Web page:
In contrast to the global average of 1.88 toe, India's average annual energy supply per person in 2011 was only 0.6 toe. This suggests that the country's energy supply is at an extremely low level. It is important to remember that without an annual energy supply of at least 4 toe per capita, no country has ever attained a Human Development Index of 0.9 or above. There is therefore a sizable unmet demand for energy services that must be satisfied in order to enable people to earn acceptable earnings and lead fulfilling lives.

The Indian government has taken a dual strategy to reducing the long-term effects of CO2 emissions on the environment and meeting the rising energy needs of its citizens. It works to incorporate supercritical technology into coal-based power plants while simultaneously promoting the use of renewable energy sources, including solar and wind power. According to the Energy Conservation Act of 2001, the government is also working to improve energy efficiency on the demand side in addition to these actions.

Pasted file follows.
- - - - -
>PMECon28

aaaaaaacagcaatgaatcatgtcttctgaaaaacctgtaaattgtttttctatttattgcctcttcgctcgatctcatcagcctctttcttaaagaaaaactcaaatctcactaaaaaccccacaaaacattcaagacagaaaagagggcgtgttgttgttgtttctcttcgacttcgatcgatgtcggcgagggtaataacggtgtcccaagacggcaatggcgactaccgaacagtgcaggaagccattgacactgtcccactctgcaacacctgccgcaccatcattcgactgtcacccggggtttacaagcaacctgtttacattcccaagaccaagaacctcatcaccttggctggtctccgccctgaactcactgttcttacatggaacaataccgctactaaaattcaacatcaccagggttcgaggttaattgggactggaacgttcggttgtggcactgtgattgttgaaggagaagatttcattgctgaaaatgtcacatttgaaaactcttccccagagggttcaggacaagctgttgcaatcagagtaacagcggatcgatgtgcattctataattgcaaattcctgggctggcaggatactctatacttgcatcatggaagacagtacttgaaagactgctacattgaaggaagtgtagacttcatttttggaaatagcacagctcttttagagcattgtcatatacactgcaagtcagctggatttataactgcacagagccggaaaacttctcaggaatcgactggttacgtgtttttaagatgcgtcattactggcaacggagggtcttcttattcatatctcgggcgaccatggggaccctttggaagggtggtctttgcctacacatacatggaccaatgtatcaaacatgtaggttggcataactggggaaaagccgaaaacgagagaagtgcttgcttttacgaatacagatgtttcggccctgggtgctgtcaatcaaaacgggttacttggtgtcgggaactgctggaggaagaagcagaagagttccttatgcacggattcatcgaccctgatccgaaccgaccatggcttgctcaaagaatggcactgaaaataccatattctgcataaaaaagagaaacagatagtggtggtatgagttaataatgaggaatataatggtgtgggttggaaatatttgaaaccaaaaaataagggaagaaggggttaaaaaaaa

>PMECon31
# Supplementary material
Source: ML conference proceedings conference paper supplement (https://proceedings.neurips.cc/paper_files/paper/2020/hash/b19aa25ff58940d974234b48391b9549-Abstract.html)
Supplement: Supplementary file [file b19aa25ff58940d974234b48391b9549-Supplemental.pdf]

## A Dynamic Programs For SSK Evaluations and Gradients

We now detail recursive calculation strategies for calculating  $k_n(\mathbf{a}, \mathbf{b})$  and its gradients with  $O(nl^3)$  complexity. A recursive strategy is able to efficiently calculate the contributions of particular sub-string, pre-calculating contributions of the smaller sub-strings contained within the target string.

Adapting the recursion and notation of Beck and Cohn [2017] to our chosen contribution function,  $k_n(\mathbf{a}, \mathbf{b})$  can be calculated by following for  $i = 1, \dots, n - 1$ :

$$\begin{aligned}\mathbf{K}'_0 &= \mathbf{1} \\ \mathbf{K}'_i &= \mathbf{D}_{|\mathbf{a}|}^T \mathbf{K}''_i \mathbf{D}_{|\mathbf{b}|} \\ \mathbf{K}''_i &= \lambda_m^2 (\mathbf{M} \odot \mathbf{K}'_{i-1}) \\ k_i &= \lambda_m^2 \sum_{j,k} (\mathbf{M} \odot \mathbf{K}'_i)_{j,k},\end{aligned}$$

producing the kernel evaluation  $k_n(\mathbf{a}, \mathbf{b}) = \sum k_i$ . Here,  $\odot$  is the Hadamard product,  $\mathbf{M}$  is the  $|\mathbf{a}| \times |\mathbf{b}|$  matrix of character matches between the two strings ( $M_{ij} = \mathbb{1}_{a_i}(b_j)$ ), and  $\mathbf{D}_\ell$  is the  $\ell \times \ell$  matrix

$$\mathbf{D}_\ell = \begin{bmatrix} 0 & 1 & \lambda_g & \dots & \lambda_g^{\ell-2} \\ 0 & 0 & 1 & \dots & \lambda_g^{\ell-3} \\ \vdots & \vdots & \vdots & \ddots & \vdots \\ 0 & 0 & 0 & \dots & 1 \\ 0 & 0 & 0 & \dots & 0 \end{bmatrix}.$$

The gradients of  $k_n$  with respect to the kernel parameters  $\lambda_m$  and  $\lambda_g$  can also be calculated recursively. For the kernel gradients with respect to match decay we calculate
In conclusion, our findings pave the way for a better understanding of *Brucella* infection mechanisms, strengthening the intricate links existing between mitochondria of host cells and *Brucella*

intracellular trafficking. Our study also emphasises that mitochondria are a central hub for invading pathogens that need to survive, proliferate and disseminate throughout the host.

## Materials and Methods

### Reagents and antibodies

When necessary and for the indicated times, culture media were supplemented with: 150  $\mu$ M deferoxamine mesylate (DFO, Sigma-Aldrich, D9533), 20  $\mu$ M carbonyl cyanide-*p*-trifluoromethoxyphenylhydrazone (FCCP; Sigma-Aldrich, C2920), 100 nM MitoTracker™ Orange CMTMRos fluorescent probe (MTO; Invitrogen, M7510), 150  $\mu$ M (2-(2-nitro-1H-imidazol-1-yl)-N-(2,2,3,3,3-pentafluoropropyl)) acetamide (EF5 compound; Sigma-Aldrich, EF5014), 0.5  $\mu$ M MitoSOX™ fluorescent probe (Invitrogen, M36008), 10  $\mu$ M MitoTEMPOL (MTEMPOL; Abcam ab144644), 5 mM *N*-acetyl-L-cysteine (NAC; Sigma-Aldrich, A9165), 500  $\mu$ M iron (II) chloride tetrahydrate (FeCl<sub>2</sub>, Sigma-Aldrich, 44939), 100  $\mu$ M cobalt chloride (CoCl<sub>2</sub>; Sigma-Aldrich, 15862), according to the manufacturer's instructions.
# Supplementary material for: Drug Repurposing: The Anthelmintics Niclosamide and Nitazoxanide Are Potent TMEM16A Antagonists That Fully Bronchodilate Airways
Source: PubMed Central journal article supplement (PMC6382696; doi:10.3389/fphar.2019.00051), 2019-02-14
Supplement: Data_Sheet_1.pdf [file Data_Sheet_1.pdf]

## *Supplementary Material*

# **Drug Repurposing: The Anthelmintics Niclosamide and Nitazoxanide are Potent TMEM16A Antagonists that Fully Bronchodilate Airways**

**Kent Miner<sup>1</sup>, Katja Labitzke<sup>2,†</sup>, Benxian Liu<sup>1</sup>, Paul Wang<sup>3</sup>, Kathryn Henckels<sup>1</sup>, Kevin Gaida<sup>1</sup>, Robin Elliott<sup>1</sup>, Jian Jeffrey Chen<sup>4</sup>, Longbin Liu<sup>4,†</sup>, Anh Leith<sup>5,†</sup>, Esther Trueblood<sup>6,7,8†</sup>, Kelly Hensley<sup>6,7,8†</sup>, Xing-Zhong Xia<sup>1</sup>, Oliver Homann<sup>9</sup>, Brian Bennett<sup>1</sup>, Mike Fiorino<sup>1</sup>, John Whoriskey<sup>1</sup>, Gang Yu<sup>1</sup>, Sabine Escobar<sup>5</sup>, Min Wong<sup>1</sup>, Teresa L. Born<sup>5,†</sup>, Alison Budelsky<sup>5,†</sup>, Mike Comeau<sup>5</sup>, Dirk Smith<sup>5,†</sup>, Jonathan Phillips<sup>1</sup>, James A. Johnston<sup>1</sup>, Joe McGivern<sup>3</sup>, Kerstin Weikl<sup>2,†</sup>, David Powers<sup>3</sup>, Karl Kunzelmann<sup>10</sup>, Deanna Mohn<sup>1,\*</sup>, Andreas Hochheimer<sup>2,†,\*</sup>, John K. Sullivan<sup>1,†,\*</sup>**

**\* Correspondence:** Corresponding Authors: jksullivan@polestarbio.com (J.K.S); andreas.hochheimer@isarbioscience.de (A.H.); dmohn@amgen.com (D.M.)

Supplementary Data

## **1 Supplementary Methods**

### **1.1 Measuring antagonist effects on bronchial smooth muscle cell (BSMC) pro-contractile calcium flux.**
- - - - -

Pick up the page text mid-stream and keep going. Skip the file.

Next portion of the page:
With the introduction of the Energy Conservation Act (EC Act) in 2001, the Indian government made a significant effort to lower the energy intensity of its economy. The Bureau of Energy Efficiency (BEE) was founded on March 1, 2002, as a federal legislative body, to aid in the execution of the Act. The Act establishes requirements for equipment standards, energy-efficient building standards for commercial structures, and energy consumption guidelines for sectors with high energy expenses. Additionally, it requires the BEE and the Central Government to take steps to encourage and promote energy efficiency throughout the nation. Also, each state must designate organisations to carry out the Act's mandates and advance energy efficiency within its borders. (Energy Efficiency)